Warren Buffett, the billionaire chief executive of Berkshire Hathaway Inc, told investors on Saturday that the company had found his successor, and the company's vice chairman, Charlie Munger, identified two Berkshire executives as candidates.
In Berkshire's annual report to shareholders, Greg Abel, the head of Berkshire's energy companies, and Ajit Jain, a top insurance executive, were said by Munger to be "proven performers who would probably be under-described as 'world-class.'"
"'World-leading' would be the description I would choose," Munger said in a letter to Berkshire shareholders. "In some important ways, each is a better business executive than Buffett."
Buffett's son, Howard, would become non-executive chairman after the departure of his father, who is also Berkshire's chairman.
In his previous letters to shareholders, the 84-year-old Buffett has said Berkshire board had been fully aware of his chosen successor but that he was keeping his options open.
Investors have long speculated about who would, or could, succeed Buffett, particularly after he was diagnosed with, and then beat, prostate cancer in 2012.
Munger, whom Buffett describes as "my partner," is 91.
"Both the board and I believe we now have the right person to succeed me as CEO – a successor ready to assume the job the day after I die or step down," Buffett said.
"In certain important respects, this person will do a better job than I am doing," Buffett added.
Berkshire on Saturday also reported a 17 percent drop in fourth-quarter net income, but a 2 percent increase in full-year profit. Operating profit rose in both periods.
Neither Buffett's nor Munger's letter on Saturday referred by name to Matthew Rose, executive chairman of the BNSF railroad unit, who has also been mentioned by investors as a possible successor.
Buffett said BNSF is, by far, Berkshire's most important non-insurance unit but "was not good in 2014, a year in which the railroad disappointed many of its customers" despite capital outlays far exceeding those of Union Pacific Corp, its main rival.
BUFFETT'S ABCs FOR NEW CEO
Buffett strongly suggested in his letter that his potential successor already works within Berkshire and laid out the challenges facing his successor as Berkshire grows ever larger.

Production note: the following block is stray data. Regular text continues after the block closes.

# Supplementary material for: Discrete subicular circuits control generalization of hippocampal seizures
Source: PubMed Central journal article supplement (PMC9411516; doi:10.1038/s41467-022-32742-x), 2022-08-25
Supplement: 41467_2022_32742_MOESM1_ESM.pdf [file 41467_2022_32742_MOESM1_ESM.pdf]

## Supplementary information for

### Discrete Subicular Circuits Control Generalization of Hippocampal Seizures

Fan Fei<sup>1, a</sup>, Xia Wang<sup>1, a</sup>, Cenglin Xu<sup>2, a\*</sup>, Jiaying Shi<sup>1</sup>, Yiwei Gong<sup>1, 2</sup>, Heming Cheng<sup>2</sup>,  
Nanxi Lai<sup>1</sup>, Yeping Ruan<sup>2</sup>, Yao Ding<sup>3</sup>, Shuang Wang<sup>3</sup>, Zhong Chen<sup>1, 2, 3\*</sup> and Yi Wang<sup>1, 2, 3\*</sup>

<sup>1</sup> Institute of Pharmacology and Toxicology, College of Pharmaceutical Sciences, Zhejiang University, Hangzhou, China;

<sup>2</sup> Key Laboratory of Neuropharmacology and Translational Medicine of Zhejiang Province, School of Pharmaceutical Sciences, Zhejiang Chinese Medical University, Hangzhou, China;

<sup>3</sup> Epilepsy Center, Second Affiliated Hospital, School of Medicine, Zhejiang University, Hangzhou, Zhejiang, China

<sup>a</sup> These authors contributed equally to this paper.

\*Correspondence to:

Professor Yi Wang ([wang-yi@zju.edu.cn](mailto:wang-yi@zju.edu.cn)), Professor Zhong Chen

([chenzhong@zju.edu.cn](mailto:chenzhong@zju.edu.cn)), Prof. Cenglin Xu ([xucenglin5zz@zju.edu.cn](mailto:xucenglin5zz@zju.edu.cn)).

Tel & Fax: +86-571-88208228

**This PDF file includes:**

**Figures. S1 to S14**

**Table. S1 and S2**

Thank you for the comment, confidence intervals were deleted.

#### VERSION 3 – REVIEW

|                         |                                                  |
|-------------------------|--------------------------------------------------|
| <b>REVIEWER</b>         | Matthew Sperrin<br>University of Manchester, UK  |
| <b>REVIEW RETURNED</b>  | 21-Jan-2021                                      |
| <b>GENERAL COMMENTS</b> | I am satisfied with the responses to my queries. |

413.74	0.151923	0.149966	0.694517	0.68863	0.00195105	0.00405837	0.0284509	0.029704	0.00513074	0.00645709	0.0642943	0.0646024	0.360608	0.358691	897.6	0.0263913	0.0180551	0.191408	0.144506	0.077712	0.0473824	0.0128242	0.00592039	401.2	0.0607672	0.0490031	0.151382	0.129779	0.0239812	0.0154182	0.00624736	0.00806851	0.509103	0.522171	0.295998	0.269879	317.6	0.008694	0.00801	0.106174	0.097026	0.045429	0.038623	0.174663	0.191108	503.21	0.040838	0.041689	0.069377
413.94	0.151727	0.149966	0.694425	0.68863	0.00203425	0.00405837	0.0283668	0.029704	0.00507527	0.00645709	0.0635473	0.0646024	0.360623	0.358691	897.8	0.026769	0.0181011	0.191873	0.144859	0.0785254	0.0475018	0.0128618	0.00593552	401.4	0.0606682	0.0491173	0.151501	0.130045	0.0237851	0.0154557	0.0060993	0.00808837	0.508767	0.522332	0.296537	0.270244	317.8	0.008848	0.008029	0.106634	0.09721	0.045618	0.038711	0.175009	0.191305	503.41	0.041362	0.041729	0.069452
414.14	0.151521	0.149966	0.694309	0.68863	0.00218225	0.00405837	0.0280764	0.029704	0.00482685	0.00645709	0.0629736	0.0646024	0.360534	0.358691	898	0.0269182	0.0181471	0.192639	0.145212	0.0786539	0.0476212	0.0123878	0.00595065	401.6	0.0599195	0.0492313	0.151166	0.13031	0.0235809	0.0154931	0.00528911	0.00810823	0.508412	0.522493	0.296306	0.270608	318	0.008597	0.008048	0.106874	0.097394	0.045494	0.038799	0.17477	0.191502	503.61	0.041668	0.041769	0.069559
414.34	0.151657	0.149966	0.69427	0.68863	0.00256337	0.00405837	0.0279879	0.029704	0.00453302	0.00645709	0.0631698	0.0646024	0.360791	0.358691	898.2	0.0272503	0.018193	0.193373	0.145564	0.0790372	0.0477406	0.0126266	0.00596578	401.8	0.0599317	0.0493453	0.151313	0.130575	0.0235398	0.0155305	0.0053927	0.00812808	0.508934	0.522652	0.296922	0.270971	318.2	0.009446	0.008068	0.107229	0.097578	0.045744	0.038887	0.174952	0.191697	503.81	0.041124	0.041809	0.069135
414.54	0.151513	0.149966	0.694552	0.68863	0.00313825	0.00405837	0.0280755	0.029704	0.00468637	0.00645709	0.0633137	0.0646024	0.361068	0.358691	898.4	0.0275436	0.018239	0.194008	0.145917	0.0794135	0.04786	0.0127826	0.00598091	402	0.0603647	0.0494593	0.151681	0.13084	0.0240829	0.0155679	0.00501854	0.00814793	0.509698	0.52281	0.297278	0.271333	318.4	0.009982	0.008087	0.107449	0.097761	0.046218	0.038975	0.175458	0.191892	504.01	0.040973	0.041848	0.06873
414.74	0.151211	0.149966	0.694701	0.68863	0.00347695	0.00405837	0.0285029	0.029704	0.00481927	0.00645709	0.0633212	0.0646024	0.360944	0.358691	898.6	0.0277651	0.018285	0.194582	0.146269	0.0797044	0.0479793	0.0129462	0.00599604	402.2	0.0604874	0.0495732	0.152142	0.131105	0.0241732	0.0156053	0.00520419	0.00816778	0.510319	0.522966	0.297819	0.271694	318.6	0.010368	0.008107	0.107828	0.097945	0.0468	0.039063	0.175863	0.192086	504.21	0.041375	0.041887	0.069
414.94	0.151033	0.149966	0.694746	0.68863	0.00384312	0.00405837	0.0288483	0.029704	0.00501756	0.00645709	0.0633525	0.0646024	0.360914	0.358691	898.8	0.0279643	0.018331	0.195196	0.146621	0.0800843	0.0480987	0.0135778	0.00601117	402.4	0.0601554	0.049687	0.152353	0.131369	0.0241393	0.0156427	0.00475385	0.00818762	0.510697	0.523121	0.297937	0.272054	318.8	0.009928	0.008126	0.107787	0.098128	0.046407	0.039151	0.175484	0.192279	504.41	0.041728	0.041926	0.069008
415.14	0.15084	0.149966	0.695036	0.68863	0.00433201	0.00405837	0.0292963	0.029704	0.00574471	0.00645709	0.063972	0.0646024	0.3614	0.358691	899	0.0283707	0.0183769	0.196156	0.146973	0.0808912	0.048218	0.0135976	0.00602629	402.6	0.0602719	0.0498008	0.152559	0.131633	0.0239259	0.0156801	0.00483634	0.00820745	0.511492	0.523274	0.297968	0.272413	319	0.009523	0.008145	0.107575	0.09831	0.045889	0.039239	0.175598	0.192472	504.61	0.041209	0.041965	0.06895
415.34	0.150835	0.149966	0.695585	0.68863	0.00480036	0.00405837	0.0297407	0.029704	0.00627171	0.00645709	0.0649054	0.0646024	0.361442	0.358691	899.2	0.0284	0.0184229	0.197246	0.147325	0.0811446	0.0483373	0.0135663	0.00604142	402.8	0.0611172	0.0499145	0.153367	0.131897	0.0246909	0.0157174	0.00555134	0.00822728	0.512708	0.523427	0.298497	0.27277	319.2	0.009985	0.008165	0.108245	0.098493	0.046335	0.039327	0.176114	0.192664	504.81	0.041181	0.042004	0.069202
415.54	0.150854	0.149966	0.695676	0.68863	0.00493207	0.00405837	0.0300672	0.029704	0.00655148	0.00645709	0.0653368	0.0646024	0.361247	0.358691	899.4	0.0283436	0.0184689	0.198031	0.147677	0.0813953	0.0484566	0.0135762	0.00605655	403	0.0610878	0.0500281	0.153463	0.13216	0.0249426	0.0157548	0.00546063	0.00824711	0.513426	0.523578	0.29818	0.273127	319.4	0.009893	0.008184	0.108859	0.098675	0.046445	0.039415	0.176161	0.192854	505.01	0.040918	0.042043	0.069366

He said Berkshire's earnings and capital resources will eventually reach a level where management will not be able to intelligently reinvest all of the company's earnings.
"At that time our directors will need to determine whether the best method to distribute the excess earnings is through dividends, share repurchases or both," Buffett said.
Buffett said his successor will also need to avoid the "debilitating forces" that decades ago befell companies such as General Motors, IBM, Sears Roebuck and U.S. Steel.
"My successor will need one other particular strength: the ability to fight off the ABCs of business decay, which are arrogance, bureaucracy and complacency," he said. "When these corporate cancers metastasize, even the strongest of companies can falter."
Buffett has run Berkshire since 1965, transforming it from a failing textile company into a conglomerate with a $363 billion market value and more than 80 operating businesses in such areas as insurance, railroads, energy, food and apparel.
The Omaha, Nebraska-based company also has more than $117 billion of equity investments.
ABEL, JAIN TOP CONTENDERS
Age will also be a factor, and Buffett said Berkshire may be best off if his successor stays on for at least a decade.
"Our directors also believe that an incoming CEO should be relatively young, so that he or she can have a long run in the job," Buffett wrote. "It's hard to teach a new dog old tricks. And they are not likely to retire at 65 either - or have you noticed?"
Buffett also said Berkshire's directors believe future CEOs should be internal candidates they know well.
Abel, 52, leads Berkshire Hathaway Energy, and Jain, 63, has been Buffett's top insurance deputy for three decades.
In Saturday's letter, Buffett said: "Ajit's underwriting skills are unmatched. His mind, moreover, is an idea factory that is always looking for more lines of business he can add to his current assortment."
In last year's letter, Buffett called Abel an "extraordinary manager."
Bill Smead, who oversees $1.3 billion at Smead Capital Management in Seattle and invests $55 million in Berkshire, called Jain a "brilliant" insurance executive but said Abel could be a better fit as CEO.
"I think you want someone who is good at overseeing numerous stand-alone companies," he said. "That would be advantage Abel."
Because Berkshire Hathaway Energy is a "mini-conglomerate" itself, "you practice in the miniature and then ultimately that puts you in the position to be the one," Smead said.